Now that is the story. And here is the policy of Jesus that we need to remember:

Because we yet live under these policies, for the sake of righteousness, we humbly oblige and submit to them. Yet, we acknowledge, Christ’s Kingdom is not sustained by the policies of men but by the promises of God.

Thus the tax policies of the current President of the United States may not be favorable to those churches and organizations that labor under the banner of the Kingdom of Jesus Christ. However Christ Himself will support our mission. This is because He said that He would build His Church. If the government sees fit to make tax policy favorable to the Church and other non profits because they see the benefit of these organizations to the State, as they surely did when the present favorable tax policies were written, then that this a blessing to us all who give. But if not, then we will support the work of Christ anyway. Our giving is not tied to policies of men but to the grace of Christ in our hearts. “Ah,” someone says. “But what about the raw data that Professor Colombo and others present, as well as the common sense statement by Representative Berkley, that the wealthy do of course respond to tax incentives? You will be affected, you fool! You will be impacted and some of us will not be sustained.” True enough. But there is the matter of the shekel in the fish’s mouth. God Himself will provide. He will provide for the giver and He will provide for those who put their hooks in the sea to cast vision for their ministries. We have to believe in this if our ministries are serving the cause of the Kingdom of God.

This is what the old English Presbyterian pastor, Matthew Henry, thought about this passage when he wrote:

“If called by providence to be poor, like our Lord, let us trust in his power, and our God shall supply all our need, according to his riches in glory by Christ Jesus. In the way of obedience, in the course, perhaps, of our usual calling, as he helped Peter, so he will help us. And if any sudden call should occur, which we are not prepared to meet, let us not apply to others, till we first seek Christ.”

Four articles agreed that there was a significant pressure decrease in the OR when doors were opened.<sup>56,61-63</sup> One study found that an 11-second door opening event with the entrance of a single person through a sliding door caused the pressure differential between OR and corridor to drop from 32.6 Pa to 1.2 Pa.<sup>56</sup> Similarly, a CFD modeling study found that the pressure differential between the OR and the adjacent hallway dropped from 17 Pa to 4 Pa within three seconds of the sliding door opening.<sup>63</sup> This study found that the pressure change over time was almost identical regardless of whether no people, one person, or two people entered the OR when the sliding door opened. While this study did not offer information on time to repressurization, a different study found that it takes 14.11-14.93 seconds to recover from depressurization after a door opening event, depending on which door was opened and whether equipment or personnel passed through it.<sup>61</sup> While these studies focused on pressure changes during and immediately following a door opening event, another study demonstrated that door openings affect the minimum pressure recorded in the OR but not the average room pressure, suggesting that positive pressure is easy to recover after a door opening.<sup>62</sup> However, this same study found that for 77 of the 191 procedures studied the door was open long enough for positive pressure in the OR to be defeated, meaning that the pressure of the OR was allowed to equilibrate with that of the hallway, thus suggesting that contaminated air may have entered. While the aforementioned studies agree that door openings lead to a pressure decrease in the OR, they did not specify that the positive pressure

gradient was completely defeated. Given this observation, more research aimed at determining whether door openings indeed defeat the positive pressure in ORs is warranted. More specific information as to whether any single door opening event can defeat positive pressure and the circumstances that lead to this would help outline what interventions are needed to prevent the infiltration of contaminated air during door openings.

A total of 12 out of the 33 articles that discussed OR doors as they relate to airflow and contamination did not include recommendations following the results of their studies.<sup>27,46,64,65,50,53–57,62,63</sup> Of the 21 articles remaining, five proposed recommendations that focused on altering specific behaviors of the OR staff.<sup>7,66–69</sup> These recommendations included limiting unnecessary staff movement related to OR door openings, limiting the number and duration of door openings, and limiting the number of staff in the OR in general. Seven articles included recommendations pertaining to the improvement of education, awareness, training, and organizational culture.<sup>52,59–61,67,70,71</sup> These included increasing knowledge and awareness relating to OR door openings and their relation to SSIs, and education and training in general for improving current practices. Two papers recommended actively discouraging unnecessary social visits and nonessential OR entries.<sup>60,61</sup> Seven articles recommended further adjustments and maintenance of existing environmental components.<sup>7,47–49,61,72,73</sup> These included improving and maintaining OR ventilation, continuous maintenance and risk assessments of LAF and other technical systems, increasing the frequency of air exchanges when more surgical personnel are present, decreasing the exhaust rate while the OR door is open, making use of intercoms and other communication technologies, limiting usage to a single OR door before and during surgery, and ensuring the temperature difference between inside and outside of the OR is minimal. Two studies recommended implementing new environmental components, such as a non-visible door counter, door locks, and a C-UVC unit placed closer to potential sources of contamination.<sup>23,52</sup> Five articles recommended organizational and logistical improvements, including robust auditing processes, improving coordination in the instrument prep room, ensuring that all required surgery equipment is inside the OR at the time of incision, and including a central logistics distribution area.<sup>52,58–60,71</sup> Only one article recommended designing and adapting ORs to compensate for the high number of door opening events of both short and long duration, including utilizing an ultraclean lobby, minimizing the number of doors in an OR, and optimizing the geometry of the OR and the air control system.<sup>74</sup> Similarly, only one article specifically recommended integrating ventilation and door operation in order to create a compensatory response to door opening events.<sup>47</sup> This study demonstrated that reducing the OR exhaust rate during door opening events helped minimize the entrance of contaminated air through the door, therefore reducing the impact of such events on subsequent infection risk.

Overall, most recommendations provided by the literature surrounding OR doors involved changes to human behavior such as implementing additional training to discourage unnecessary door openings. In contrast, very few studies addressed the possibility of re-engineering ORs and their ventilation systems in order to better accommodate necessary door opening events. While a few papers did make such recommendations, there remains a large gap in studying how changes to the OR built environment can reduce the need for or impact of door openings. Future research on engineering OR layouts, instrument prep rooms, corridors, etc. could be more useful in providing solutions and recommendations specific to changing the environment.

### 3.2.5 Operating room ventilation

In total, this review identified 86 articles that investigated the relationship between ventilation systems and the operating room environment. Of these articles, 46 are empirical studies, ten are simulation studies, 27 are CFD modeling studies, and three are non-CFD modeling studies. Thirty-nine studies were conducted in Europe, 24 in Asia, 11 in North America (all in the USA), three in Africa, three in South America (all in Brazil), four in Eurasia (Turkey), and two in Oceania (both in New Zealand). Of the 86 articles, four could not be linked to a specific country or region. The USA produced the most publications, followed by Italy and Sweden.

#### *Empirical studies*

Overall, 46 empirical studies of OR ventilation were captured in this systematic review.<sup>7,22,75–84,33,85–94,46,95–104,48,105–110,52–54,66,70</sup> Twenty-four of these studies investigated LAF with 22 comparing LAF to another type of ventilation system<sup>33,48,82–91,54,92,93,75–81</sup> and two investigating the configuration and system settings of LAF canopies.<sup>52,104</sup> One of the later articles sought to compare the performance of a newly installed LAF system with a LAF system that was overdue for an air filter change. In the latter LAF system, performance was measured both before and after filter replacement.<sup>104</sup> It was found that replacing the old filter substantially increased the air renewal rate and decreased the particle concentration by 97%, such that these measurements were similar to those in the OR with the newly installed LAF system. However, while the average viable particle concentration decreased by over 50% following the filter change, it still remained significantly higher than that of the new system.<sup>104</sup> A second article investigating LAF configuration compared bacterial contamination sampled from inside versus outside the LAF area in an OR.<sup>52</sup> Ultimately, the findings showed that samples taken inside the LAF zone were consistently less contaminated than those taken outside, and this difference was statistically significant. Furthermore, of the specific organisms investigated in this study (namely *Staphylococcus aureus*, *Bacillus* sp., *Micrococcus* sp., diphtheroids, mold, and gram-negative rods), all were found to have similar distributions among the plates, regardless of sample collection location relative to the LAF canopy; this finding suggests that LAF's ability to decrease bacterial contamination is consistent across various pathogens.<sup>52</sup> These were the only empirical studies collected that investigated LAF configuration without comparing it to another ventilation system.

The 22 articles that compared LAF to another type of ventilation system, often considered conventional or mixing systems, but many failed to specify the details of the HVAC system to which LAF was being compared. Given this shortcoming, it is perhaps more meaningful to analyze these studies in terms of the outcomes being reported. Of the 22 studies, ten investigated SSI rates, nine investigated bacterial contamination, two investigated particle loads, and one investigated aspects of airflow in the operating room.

I would thus say to our supporters and to others who are called to give to the work of the Lord: rest in the shekel in the fish’s mouth. If the U.S. tax policy will not support you by giving you the deductions we all enjoyed heretofore, then do not worry. God will provide. And to the pastors and missionaries and seminaries and inner city food kitchens I say, “Do not fear. But go out again and cast your vision, like Peter and his hook in the sea, and God’s school of fish will come, and they will bring what you need in this world.”

Oh sure, I would prefer that this government leave the old policies alone. In fact, I would prefer that the government stop spending money, which they (we) don’t really have and they wouldn’t have to hurt those who support ministries that help so many people in our country. I would prefer that the charitable organizations help the people, not the government. But that is my political opinion. My faith, in the midst of all of this, must be at rest in all of this in the Christ who owns not only the cattle on a thousand hills, but the single little fish whose fins push him through the water, under the command of that his Creator to find a shekel on the bottom of the sea, to suck it up in his mouth, and then intuitively swim, again by divine fiat, to a faithful vision cast by humble, if not always completely understanding, followers of the Master.

Obama may have his tax policy. But Jesus has His. And in God we trust.

Endnotes


Jackie Calmes, “Obama Plans Major Shifts in Spending,” in The New York Times online edition (2009).

John D. Colombo, “Could Obama’s Tax Plan Hurt Charitable Contributions?,” in Nonprofit Law Prof Blog (2009).

John D. McKinnon and Martin Vaughn, “White House Rethinks Tax Hikes,” The Wall Street Journal, Thursday, March 5, 2009.

Ibid.

Matthew Henry, “Commentary on the Whole Bible,”  (Accordance, 2008).

References

Jackie Calmes. “Obama Plans Major Shifts in Spending.” In The New York Times online edition, 2009.

John D. Colombo. “Could Obama’s Tax Plan Hurt Charitable Contributions?” InNonprofit Law Prof Blog, 2009.

Matthew Henry. “Commentary on the Whole Bible.” Matthew 17.24-27: Accordance, 2008.

John D. McKinnon and Martin Vaughn. “White House Rethinks Tax Hikes.” The Wall Street Journal, Thursday, March 5, 2009, 3.

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About Michael Milton, Ph.D.

Michael A. Milton, Ph.D. (University of Wales, Trinity Saint David's College), is an American Presbyterian pastor, theologian, and author. He is, also, an alumnus of the University of North Carolina at Chapel Hill.